Shinjiku East Side, Tokyo
After taking multiple trips via Tokyo over the past decade (to places like Bangkok, Manila, Singapore and Hong Kong), taking one single flight nonstop from New York City is a piece of cake. The bus service from Narita airport to the hotels in the city seems really well organized and runs perfectly on schedule. The new Ritz-Carlton, Tokyo, is a soaring tower of glamour – the tallest hotel in the tallest building in Tokyo – and the view from our room is just as good as any observation deck.
The Ritz-Carlton is the tallest element of Tokyo Midtown, which opened this year. It’s an interesting, upscale place, where we wander the mall (complete with dramatic lighting and hardwood floors, and a decidedly glamorous version of a food court – no McDonald’s here).
I meet with Ricco DeBlank, the general manager of the Ritz-Carlton, Tokyo. He tells me about how the Japanese economy is improving. . “Household spending is up,” he says. “When I arrived here four years ago, if you took the last Metro home, it was empty. Today, it’s full. People are going out, and they are spending money.”
Even if the economy is strengthening, my partner Angel and I are still happily surprised by the generally reasonable prices. Since I’m not on a lavish expense account, however, we avoid taking taxis, opting usually for the efficient Metro subway system. Like any good foreigner we are at first completely confused and purchase the wrong tickets for the wrong amount – but the staff at the entrance gate quickly refund our money, no questions asked.
We head to the new Anime Center and to the always-popular electronics district, where I flirt with the idea of buying a waterproof digital camera.
We take a quick walk from Tokyo Midtown to the new National Art Center, Tokyo, which opened in March 2007 and features international and national exhibits of modern and contemporary art. Its architecture – a sleek glass curve and minimalist interior – is just as impressive as the works in inside.
Later, we meet with Charlie Spreckley, co-owner of the new ultra-luxury tour operator, Bespoke Tokyo. He guides us to a wonderful place for lunch and then for a walk around some of the hottest shopping areas, visiting the shops of some local designers as well as Otomesando Hills, where you can do everything from buy fashionable clothing to race toy cars and pick up a cute little outfit for your dog. Nearby is Cat Street, located between Harajuku and Shibuya, which is becoming more upscale, with boutiques like DKNY (opened in 2007).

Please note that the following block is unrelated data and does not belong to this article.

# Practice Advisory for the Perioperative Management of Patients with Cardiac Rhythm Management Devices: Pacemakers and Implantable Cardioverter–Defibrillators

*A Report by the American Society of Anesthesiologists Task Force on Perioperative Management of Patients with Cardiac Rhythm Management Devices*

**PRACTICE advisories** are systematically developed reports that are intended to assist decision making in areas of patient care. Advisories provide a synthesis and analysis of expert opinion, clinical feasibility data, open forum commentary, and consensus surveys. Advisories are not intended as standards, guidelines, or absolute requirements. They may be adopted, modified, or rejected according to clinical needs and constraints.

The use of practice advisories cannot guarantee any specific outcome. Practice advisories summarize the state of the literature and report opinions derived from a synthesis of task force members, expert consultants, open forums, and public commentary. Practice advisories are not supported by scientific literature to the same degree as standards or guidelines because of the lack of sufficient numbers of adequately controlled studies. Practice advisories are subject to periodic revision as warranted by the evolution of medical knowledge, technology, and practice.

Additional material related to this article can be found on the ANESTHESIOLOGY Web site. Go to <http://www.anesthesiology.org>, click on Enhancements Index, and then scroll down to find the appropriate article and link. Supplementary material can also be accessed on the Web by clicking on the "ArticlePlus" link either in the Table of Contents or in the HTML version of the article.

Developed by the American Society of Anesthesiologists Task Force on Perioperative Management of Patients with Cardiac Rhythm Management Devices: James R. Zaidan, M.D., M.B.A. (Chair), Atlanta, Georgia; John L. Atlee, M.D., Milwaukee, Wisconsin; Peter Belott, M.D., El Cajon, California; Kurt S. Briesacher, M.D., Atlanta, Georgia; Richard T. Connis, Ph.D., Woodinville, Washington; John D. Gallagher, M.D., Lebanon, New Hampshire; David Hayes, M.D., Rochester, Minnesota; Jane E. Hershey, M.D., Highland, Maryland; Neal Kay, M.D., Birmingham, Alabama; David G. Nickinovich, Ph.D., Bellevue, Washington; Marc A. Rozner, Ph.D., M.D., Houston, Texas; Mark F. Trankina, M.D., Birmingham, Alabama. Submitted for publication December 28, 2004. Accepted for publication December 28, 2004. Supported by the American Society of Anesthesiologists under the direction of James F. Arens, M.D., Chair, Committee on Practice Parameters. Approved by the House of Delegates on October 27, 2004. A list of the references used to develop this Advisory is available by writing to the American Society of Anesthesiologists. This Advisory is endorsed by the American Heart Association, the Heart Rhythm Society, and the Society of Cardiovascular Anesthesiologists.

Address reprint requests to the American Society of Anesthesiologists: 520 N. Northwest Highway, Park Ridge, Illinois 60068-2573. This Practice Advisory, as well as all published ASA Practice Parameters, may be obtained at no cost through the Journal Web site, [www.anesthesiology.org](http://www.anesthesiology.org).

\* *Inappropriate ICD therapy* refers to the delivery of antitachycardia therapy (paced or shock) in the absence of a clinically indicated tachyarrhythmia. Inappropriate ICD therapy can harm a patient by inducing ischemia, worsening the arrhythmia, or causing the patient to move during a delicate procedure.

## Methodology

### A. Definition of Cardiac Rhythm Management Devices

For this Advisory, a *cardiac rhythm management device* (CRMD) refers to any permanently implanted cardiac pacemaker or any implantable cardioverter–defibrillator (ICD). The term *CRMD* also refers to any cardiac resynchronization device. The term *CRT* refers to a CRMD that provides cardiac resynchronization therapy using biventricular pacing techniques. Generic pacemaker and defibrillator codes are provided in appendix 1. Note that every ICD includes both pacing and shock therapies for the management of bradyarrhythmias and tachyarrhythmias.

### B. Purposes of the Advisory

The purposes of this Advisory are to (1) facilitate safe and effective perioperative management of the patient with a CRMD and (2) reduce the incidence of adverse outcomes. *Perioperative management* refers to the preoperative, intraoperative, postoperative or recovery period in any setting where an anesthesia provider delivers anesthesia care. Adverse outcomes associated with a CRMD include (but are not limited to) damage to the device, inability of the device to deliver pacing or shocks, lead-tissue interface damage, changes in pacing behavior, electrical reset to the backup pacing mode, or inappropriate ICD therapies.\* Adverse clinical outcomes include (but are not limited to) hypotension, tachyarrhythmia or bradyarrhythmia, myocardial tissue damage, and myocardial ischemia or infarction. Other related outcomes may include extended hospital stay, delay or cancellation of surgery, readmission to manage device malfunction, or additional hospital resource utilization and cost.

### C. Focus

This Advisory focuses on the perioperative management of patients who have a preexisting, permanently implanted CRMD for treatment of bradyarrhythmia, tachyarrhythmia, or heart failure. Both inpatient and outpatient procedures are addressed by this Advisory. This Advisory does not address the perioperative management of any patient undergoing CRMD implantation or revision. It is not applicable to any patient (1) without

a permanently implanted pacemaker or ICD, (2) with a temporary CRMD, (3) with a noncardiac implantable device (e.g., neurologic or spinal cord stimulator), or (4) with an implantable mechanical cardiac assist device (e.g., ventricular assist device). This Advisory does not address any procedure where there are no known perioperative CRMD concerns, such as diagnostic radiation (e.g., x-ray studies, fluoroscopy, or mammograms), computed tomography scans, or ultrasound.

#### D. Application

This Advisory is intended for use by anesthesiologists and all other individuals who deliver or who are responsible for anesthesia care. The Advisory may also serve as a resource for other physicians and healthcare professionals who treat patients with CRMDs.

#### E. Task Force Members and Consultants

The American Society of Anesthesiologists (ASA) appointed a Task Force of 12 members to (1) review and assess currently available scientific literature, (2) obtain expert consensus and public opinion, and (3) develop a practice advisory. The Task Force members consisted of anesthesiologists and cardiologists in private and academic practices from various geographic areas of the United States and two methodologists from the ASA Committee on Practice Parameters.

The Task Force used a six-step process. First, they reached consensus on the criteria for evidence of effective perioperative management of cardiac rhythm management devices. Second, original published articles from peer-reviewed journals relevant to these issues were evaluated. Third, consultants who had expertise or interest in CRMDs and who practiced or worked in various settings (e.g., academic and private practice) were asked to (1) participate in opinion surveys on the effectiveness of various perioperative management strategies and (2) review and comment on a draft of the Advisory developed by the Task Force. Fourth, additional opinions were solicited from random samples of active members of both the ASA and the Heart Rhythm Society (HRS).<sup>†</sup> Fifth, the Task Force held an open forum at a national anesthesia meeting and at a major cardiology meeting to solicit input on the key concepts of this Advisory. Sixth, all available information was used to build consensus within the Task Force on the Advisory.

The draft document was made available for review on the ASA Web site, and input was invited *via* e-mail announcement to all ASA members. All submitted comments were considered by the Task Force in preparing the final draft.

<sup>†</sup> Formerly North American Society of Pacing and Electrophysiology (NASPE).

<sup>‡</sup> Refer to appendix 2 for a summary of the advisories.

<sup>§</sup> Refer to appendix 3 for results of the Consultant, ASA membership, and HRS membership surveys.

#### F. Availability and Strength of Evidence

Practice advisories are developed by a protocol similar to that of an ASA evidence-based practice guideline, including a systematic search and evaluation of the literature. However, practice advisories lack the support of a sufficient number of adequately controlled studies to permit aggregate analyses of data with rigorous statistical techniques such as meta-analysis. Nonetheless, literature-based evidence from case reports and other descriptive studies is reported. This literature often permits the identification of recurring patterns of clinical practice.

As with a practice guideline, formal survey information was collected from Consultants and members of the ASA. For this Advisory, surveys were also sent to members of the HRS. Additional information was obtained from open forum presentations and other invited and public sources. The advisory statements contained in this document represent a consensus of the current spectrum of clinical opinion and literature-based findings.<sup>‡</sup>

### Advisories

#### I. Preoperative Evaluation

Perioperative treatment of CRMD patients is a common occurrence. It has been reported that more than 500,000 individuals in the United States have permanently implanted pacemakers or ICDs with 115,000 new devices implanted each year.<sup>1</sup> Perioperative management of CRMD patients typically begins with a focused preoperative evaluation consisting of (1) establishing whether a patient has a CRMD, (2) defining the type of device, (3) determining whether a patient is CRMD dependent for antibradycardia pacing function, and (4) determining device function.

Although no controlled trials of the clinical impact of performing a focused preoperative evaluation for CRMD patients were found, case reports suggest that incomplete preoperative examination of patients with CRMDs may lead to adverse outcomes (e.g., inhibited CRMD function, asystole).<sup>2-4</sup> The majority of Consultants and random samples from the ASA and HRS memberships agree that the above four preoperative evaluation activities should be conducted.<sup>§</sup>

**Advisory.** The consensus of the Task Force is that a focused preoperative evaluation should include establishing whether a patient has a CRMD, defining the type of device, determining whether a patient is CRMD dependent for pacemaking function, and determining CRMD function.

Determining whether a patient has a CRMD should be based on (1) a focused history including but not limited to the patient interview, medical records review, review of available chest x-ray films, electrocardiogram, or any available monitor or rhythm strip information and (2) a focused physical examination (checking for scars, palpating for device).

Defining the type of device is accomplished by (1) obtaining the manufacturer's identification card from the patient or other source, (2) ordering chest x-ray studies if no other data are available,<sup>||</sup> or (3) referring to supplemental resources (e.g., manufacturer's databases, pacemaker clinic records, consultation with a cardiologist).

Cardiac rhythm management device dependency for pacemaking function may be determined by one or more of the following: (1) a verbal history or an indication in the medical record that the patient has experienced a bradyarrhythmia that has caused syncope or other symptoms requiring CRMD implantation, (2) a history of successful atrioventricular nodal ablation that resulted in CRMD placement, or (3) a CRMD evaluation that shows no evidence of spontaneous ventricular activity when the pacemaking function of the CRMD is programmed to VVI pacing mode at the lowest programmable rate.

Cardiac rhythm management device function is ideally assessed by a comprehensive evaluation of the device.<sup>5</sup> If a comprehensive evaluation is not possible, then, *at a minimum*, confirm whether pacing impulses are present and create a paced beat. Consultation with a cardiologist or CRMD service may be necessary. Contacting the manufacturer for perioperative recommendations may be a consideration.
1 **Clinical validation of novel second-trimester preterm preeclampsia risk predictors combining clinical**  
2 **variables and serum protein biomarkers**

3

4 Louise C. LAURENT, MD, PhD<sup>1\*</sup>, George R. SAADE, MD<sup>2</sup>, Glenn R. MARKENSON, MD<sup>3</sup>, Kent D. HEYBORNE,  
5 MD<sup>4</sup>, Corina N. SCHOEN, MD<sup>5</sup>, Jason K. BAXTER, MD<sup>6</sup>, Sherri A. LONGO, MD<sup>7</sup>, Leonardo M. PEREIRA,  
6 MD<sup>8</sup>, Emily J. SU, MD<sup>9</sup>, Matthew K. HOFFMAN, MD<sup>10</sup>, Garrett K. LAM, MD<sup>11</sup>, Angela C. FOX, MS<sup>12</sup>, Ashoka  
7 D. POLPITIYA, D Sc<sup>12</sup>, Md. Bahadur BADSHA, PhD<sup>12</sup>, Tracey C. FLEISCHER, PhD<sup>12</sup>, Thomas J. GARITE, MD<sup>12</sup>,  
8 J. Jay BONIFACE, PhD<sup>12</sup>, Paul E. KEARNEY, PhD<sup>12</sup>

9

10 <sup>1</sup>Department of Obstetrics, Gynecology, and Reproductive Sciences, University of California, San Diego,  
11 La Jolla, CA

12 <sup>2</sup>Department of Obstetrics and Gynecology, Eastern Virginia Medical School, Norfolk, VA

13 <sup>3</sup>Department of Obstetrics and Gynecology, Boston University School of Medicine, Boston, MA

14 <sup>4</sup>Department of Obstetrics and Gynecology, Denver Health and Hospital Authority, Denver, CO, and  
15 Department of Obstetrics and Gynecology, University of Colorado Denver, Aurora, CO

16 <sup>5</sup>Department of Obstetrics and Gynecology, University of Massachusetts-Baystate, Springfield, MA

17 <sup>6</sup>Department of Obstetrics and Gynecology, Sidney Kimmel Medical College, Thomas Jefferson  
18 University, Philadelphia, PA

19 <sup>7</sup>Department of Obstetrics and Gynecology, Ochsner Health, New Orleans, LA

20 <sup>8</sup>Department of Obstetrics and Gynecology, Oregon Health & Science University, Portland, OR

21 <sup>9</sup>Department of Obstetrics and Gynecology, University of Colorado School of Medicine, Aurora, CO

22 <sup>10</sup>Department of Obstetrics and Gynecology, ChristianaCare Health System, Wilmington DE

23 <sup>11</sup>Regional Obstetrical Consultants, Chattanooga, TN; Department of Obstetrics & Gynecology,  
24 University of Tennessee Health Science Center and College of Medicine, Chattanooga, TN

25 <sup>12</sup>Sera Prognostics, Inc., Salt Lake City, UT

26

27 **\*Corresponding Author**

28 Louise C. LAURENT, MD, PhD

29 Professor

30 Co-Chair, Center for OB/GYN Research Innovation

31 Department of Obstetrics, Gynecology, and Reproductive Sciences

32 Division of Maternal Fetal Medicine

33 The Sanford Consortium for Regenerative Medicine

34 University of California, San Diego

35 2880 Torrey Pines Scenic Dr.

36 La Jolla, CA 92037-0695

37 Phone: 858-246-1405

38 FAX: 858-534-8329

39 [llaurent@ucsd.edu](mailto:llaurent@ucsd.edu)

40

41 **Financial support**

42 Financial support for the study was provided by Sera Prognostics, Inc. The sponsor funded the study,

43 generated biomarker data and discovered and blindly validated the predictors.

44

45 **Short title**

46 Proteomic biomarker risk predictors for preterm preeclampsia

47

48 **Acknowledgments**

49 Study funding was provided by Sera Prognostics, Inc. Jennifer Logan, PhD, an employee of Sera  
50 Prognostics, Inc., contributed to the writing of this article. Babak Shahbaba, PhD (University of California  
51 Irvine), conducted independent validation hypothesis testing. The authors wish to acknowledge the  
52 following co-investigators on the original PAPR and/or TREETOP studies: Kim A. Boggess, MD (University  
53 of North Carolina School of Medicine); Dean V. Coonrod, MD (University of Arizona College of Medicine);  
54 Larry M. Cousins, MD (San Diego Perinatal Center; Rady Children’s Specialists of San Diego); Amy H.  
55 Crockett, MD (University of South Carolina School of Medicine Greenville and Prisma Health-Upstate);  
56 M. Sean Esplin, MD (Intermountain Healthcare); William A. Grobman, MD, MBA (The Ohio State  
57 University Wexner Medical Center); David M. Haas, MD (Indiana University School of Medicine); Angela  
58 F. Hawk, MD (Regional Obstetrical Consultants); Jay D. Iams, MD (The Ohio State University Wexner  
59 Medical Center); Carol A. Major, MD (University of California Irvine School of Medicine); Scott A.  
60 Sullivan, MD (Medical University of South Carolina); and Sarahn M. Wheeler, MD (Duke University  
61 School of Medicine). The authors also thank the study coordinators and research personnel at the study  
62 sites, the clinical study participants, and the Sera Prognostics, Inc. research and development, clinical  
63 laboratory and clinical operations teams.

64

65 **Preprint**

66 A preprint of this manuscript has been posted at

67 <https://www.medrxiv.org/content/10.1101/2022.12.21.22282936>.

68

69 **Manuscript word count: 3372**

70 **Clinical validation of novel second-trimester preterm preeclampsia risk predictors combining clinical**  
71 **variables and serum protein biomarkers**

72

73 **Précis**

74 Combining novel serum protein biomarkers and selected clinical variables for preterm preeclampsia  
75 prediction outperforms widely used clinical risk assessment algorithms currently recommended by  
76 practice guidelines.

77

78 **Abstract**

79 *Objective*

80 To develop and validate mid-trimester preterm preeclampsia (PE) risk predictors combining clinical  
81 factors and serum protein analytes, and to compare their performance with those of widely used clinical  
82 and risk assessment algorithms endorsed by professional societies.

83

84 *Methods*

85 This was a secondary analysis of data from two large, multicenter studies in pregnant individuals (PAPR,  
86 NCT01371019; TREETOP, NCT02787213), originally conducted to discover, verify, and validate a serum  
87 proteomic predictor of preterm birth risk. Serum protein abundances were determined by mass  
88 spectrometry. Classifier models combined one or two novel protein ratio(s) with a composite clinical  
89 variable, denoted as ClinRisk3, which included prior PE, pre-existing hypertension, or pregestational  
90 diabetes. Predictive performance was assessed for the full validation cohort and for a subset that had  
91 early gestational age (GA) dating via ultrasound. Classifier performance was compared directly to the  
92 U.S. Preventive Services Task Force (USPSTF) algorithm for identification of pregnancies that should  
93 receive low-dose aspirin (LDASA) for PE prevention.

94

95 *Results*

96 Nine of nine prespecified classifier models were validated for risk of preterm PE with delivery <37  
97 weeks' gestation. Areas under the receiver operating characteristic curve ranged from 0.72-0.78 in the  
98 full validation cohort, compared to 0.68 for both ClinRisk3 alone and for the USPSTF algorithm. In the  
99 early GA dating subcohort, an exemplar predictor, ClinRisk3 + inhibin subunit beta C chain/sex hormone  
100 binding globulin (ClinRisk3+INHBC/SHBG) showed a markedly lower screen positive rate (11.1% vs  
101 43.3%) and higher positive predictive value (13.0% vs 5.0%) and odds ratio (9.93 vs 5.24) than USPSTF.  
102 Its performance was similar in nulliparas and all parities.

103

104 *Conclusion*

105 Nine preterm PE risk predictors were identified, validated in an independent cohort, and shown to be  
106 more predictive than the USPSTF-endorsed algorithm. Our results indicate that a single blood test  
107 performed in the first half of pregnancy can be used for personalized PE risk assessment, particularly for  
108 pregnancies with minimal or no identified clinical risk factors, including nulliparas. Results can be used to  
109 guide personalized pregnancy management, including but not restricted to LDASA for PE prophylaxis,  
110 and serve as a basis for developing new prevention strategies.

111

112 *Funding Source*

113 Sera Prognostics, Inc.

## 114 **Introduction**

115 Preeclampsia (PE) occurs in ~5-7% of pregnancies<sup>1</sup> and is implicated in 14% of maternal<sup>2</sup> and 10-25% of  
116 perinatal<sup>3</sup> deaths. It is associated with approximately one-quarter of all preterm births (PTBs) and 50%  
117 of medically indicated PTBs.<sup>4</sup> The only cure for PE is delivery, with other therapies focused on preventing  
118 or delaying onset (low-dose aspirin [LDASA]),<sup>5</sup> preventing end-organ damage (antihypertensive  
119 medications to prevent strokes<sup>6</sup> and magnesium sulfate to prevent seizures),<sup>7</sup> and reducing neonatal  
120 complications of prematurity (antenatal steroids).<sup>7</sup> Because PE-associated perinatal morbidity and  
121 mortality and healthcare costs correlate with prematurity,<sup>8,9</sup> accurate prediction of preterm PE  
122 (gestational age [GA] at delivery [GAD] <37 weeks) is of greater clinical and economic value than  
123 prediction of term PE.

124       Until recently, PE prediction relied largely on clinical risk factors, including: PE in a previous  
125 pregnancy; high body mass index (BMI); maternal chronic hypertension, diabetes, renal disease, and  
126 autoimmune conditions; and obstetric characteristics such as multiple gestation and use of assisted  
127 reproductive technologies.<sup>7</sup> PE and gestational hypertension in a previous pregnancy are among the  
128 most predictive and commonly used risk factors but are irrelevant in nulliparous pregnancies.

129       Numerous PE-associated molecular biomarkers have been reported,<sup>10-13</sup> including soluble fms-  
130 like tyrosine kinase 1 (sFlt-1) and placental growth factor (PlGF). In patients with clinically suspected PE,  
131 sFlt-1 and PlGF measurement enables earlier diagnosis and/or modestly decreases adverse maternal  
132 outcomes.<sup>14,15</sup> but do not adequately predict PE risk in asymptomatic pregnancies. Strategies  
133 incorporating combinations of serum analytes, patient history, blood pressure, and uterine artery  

In general, I have to say I’m thrilled with the level of service here. People are much more courteous here than in New York City, where I’ve lived for some 20 years. In Tokyo, people go out of their way to let you board the subway – and we quickly adjust our attitudes to do the same for everyone else.
One surprise is difficulty accessing our bank accounts. I guess I had assumed that such a technologically advanced destination would have foreign-friendly ATMs on every corner. But after more than an hour searching and trying unsuccessfully with a variety of machines, someone finally tells us that Citibank is the only place that allows foreigners access to withdraw money. It’s a good tip for any visitor in need of cash.
I have a meeting with the Tokyo CVB this morning, and of course I get lost as soon as I get out of the Metro. I head into a building where I ask the receptionist if she knows where the address is that I’m looking for. She doesn’t quite understand, but quickly finds a security guard who knows what I’m looking for. Rather than just pointing me outside, he accompanies me, walking me about a block away and right into the building where I need to be. I don’t think I’ve ever come across people as helpful as this – certainly in New York City, no one would walk away from their job to make sure a foreigner finds what he’s looking for (I’d more likely just be made fun of in my current home town!).
The drums are pounding and the crowds are filling the streets as we enjoy the festivities at sanja matsuri, a three-day event that takes place in the Asakusa district. The festival started some 13 centuries ago to honor three fishermen who “caught” a statue of the goddess Kannon in their nets. That statue is now enshrined in Asakusa’s Sensoji temple. It’s a lively event, and we enjoy the music, the processions and some delicious food from a street vendor. Even a brief rain shower can’t douse the spirit of the participants.
The perfect spring weather continues in Tokyo, and we head to Odaiba, a growing waterfront neighborhood with several amusement and entertainment options, including Palette Town, a shopping and amusement complex with a giant Ferris wheel that offers great views of the city. We hear thumping music coming from a nearby parking lot and find that it’s Body & Soul, a giant afternoon dance party. Continuing further, we find? the striking architecture of the Fuji TV building, some very enthusiastic Elvis impersonators, and an interesting replica of the Statue of Liberty, even more beautiful with the sun setting.
Air travel is always better when you can get into the club lounge – and thanks to American Airlines’s recent move to Terminal 2, things are looking great. Angel and I relax at the airline’s brand-new Admirals Club -which has what I consider the best food and beverage center of any club I’ve seen (spacious, with plenty access areas and no lines to the grub – as a travel writer, access to complimentary grub is always important).
The flight home was equally relaxing thanks to American’s first-class service. But even with six days in Tokyo, I know I just scratched the surface of what’s new and exciting.